Red, White and Sparkle: The Evolution of Team USA’s Olympic Outfits
For gymnasts, a leotard is the equivalent to a red carpet dress at the Oscars. With close to 5,000 crystals on some outfits, when the gymnast steps forward to start a routine, it is as if they are the belle of the ball.
Aly Raisman, captain of USA gymnastics team at Rio 2016, showcases her red, white and blue sparkles on her leotard (Source: Aug. 10, 2016, Fernando Frazão/Agência Brasil)
Crystals not only look good, but highlight the gymnast’s movements. Spectators can stare at the shining outfits as the gymnast bends, twists, jumps and flips through difficult routines. Yet, it wasn’t always as glamorous.
Once upon a time, leotards were simple, baggy, and covered a woman’s body as much as possible. At the first modern Olympic Games in 1896, athletes even wore their own clothes or private team uniforms.
Elisabeth “Bessie” Holmes Moore, a young tennis champion who won her first U.S. title in 1896. Picture taken c. 1910. (Source: Flickr Commons project and New York Times, 2008)
It was only during the mid-20th century where we saw leotards take the shape we know of today, but Cinderella still had to wait until the 2000s to get her sparkly gown of breathable, streamlined sportswear.
Today, the Olympic lineup can be considered like a fashion runway of athletes outfitted in uniforms by top brands such as Ralph Lauren, H&M, Lacoste and Stella McCartney. In some cases, the uniforms are characterized by high-tech fabric to ensure the absolute best performance.
Designing for athletes can be a challenge. For example, leotards not only need to make the gymnast stand out, but also perform well. It is the ultimate test of creating a garment that needs to be light enough for improved aerodynamics, but incorporate crystals to highlight the athlete’s movements.
Simone Biles, Team USA, performs before winning a gold medal. (Source: Aug. 4, 2016, Fernando Frazão/Agência Brasil)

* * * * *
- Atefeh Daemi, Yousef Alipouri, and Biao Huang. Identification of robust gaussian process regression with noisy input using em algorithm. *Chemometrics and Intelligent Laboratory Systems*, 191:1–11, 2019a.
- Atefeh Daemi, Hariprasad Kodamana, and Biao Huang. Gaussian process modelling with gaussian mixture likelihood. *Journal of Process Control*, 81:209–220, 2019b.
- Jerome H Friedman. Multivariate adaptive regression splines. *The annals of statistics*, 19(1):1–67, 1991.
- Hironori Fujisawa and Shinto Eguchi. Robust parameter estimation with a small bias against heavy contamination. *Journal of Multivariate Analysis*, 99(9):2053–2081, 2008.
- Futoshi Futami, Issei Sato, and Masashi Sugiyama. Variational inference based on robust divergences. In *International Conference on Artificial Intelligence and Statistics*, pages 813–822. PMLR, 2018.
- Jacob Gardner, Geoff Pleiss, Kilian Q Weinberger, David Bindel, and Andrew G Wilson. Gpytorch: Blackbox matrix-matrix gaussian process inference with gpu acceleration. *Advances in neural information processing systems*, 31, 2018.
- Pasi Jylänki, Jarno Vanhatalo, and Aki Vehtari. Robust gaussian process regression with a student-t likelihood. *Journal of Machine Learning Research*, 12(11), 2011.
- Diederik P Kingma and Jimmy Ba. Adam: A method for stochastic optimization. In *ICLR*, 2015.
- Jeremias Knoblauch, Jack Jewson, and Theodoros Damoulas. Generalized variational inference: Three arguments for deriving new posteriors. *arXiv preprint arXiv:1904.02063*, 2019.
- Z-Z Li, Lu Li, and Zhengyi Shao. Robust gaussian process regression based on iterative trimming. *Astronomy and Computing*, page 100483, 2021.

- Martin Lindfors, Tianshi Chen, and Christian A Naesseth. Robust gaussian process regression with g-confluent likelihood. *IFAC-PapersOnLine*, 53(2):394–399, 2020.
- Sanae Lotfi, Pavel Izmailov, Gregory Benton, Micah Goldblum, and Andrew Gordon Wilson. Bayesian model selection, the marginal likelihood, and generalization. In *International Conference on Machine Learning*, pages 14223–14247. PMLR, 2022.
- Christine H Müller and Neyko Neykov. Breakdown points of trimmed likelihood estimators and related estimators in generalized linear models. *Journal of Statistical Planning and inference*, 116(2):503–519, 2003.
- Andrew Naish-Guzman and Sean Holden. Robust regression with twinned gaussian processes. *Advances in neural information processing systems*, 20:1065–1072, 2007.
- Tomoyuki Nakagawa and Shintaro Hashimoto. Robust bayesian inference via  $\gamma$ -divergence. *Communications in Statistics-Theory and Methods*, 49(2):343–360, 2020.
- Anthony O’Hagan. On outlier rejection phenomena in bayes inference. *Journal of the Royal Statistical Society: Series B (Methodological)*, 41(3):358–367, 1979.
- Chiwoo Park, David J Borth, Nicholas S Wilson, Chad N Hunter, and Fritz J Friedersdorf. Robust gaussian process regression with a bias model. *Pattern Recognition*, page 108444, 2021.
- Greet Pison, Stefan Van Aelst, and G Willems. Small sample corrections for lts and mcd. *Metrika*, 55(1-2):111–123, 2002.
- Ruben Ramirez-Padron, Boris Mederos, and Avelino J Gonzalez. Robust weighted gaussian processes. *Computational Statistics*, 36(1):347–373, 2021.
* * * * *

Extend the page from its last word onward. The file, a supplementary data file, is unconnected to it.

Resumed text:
With costs around $1200 per leotard, each athlete has an average of 8 leotards custom-made for their body. GK Elite, the official outfitter of the American national team, even has a department specialized in bejeweling equipment to mass produce nearly any design with crystals in a variety of colors.
Many leotards also combine a fabric called Mystique on top of the spandex to create more shine, and Swarovski are working to make the cut of their crystals even lighter to accommodate demand for bedazzled leotards. In autumn, they are expected to introduce a new crystal product called Concise Crystal that will be 50% lighter than previous stones.
Even leading brands such as Under Armour and Nike are using technologies such as 3D prototyping, smart fabrics and high-tech manufacturing techniques to create apparel that can boost their athletes’ performances. One such product is Nike’s Zoom Superfly Elite, a shoe created using algorithmic software design and 3D printing prototyping, which can shave a runner’s 100-meter-dash time by more than a tenth of a second.
Technology innovation is now as much a part of the athlete’s apparel as training, allowing them to look, feel and perform better. And of course, we can’t forget the impact of those sparkles!